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Re: cheerful static typing (was: Any and Every... (was: Eval))

In thinking about this on the way to work I decided that the whole
issue of `static or dynamic type checking' is a red herring.  What we
are striving for is `ease of expression'.  This has two components:
it should be easy to express something meaningful, and it should be
hard to express something meaningless (in particular, it shouldn't be
too easy to write syntactic token strings that only *appear* to be

<begin long rambling exposition>

One way of ensuring that expressions are meaningful is to
automatically validate them in some way.  There are many tools for
this.  For example, the language parser will ensure that token strings
are well-formed.  A type system is another popular mechanism.

To draw on the example of the original post, suppose there were two
functions, F and G, where F `must take an even integer' and G `returns
an integer'.  The question was what to do if the user attempts to
compose F and G, i.e., we need to assign a meaning to the expression
`F(G(x))'.  This seems to me to be a typical scenario in programming.

There are a couple of ways of assigning meaning to `F(G(x))'.  What
does it mean when someone says `F must take an even integer'?  I
assume that it means that the behavior of F when given an odd integer
is `undefined' (which means that anything may happen up to and
including erasing my hard disk and causing monkeys to fly out of my
butt).  So F(G(x)) is `undefined' when G returns anything but an even

I want to avoid anal primate expulsion, so undefined expressions are
truly a bad thing.  One way to `ensure' that expressions are
completely defined is to simply prohibit ones like `F(G(x))' on the
grounds that the types do not match.

Another option is to `widen' the domain of F such that it has a
defined behavior for any value whatsoever.  You could, for example,
not use F, but some H(F) where H(F) returns a function F' that is the
same as F on even integers, but invokes a debugger for any other
value (or signals an error, or silently exits, etc. etc.)

It seems likely to me that if I were tempted to write `F(G(x))' in the
first place that I may have had an `x' in mind that satisfied the
condition.  However, unless G is simple enough, it may be difficult or
impossible to determine the entire set of `x' for which that holds.
(It may even be empty; I could be mistaken about the `x' I had in

What has this to do with type systems?  Not all that much.  (Which is
why it is a red herring).  The question comes down to what to do about
`F(G(x))'.  (I'll make a generalization here, I hope I don't get
flamed too much.)  The static typing camp essentially says ``the
computer shouldn't try to guess the programmer's intent when he writes
F(G(x)).  Raise an error.''  The dynamic typing camp essentially says
``the programmer `obviously' meant F'(G(x)), so I'll just substitute
F' here.''  

Both camps are in agreement that undefined `expressions' are bad, and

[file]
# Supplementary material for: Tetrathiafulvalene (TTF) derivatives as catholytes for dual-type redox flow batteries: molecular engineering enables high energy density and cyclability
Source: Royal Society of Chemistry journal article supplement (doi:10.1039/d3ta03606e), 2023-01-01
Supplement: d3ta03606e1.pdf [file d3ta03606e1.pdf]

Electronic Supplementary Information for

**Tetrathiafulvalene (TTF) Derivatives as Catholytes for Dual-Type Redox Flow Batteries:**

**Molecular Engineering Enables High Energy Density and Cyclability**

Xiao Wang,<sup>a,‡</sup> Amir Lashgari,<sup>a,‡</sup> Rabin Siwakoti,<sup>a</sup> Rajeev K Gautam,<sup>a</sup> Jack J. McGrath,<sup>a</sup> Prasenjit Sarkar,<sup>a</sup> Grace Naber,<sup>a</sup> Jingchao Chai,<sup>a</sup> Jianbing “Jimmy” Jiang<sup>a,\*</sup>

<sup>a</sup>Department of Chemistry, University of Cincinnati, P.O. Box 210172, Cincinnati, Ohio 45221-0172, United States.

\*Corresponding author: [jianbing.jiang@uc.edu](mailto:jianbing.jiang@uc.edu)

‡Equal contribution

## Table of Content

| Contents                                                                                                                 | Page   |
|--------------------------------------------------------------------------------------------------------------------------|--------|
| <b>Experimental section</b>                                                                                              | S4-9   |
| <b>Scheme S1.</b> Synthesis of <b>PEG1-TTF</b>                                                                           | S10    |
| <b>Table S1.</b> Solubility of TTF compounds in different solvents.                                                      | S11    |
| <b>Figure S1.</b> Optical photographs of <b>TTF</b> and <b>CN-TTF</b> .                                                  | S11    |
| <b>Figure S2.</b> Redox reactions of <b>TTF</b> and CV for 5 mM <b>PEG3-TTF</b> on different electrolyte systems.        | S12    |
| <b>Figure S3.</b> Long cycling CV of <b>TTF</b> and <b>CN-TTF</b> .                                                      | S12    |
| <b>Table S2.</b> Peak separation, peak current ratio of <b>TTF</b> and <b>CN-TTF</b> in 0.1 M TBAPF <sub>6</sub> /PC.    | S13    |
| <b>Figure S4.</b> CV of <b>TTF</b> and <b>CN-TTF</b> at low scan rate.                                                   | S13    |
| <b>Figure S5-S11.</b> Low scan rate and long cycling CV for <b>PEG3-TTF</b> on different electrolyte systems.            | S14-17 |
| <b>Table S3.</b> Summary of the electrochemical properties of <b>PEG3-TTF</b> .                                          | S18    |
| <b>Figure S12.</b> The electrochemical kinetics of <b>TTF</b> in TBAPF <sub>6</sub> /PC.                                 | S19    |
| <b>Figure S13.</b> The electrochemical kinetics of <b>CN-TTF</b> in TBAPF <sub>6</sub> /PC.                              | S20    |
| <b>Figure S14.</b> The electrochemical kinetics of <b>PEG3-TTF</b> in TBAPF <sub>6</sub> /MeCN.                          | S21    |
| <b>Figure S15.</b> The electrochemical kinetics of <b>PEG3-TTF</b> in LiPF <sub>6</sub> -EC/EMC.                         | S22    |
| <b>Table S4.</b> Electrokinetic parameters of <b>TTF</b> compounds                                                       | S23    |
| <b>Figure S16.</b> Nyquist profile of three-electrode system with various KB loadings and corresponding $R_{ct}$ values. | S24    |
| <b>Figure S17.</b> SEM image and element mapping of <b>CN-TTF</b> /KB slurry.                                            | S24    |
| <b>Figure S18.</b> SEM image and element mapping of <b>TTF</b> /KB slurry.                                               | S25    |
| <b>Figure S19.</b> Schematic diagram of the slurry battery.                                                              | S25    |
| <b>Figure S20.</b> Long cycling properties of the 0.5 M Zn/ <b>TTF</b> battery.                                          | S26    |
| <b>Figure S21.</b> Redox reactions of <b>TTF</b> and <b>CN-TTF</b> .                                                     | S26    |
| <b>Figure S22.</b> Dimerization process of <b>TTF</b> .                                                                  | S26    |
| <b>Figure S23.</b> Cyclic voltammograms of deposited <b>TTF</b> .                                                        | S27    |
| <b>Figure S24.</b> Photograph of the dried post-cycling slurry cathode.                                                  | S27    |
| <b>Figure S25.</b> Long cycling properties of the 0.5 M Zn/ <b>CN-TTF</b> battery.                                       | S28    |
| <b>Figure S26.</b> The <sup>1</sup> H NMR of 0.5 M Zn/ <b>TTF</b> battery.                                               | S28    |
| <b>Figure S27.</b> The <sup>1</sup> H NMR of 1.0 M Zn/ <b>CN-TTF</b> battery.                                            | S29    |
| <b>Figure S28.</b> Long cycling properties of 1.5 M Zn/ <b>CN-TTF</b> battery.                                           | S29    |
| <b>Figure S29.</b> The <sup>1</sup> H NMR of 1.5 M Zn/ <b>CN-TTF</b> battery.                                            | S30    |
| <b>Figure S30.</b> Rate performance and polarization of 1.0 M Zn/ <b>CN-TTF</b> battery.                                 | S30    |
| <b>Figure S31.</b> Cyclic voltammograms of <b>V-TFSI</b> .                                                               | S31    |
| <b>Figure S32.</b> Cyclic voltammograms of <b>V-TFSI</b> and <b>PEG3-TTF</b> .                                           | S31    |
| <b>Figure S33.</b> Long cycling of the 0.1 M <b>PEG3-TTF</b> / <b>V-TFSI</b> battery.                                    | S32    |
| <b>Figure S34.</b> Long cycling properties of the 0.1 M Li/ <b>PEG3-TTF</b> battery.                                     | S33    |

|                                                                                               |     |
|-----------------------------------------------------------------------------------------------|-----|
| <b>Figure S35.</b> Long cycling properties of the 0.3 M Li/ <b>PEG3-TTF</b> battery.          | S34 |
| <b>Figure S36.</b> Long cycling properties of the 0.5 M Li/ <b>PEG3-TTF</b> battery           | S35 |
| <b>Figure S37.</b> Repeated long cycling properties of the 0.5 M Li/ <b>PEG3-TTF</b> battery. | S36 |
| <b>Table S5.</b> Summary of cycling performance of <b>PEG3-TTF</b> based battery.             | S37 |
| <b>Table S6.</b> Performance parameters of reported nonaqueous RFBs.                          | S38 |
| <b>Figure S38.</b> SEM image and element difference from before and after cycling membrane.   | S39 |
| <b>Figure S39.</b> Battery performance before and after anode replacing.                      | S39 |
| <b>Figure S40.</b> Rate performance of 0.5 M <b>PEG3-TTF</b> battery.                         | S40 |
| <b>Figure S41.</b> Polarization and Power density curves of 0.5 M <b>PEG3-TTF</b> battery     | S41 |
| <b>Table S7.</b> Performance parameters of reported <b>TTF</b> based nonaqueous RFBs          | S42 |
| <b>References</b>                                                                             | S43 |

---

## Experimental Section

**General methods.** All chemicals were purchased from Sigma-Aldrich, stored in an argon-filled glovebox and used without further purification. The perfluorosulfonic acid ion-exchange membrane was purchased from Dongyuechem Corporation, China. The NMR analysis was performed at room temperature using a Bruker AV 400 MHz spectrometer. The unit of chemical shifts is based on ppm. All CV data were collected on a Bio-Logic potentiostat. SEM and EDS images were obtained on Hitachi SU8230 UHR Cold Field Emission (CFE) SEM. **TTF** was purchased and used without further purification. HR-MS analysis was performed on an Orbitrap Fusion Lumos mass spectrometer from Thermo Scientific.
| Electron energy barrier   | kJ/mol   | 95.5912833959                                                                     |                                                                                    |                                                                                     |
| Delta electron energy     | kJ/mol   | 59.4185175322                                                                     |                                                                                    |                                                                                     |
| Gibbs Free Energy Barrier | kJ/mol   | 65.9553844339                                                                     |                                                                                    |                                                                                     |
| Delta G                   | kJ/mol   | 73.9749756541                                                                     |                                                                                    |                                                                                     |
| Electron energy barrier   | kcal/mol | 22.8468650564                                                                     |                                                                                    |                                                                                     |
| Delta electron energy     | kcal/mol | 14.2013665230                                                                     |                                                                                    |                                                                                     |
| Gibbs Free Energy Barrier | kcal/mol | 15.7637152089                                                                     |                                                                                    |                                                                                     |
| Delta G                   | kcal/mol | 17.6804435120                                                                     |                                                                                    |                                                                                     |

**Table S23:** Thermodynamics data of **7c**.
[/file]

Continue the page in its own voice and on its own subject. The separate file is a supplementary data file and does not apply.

both agree that the sooner an error is detected the better.  (I don't
think anyone would argue that `obviously erroneous code' such as `(car
32)' should simply be compiled as a jump to the error handler and no
warning given at compile time.)

Both agree on this, too:  that it is already hard enough to express
yourself within the language, and anything that can make it easier is
a good thing.  The static typing camp has worked hard to develop tools
(like richer type specification and type inference) so that the
computer will not have to `guess' the programmer's intent; it will be
obvious from the code.  The dynamic typing camp has worked hard to
develop tools (like `soft' typing) to refine the kind of substitutions
that the compiler will be allowed to perform when encountering type

<end long rambling exposition>

The *real* issue is one of `type decoration', i.e., putting in little
tokens here and there to give hints to the compiler as to what is
going on.  No one wants to do this.  The dynamic typing camp
sacrifices a certain amount of `compile-time' error checking to avoid
having to decorate the code.  The static typing camp uses smart tools
to minimize decoration, and they `grin and bear it' otherwise.  To
caraciture both camps, the dynamic type camp says `it is so painful to
type `integer' that I *never ever* am willing to do it, but I'll live
with runtime exceptions' whereas the static-typing camp says `My type
system is so smart I almost *never* have to add declarations, but the
thought of the computer `guessing' my intent and `dwimming' my code is
*anathema*.  So I'd rather type the occasional type declaration to
avoid it.' 

As I mentioned before, I'm very much in the `dynamic' camp.  When I
have to work with a language which is not only statically typed, but
provides no tools for reducing the amount of type decoration, and
furthermore *still* allows one to write meaningless expressions that
*appear* to be meaningful, I end up feeling encumbered.  So I don't
think of `lightweight' and `type declarations' go together very well.
I'm sure some agree and others disagree.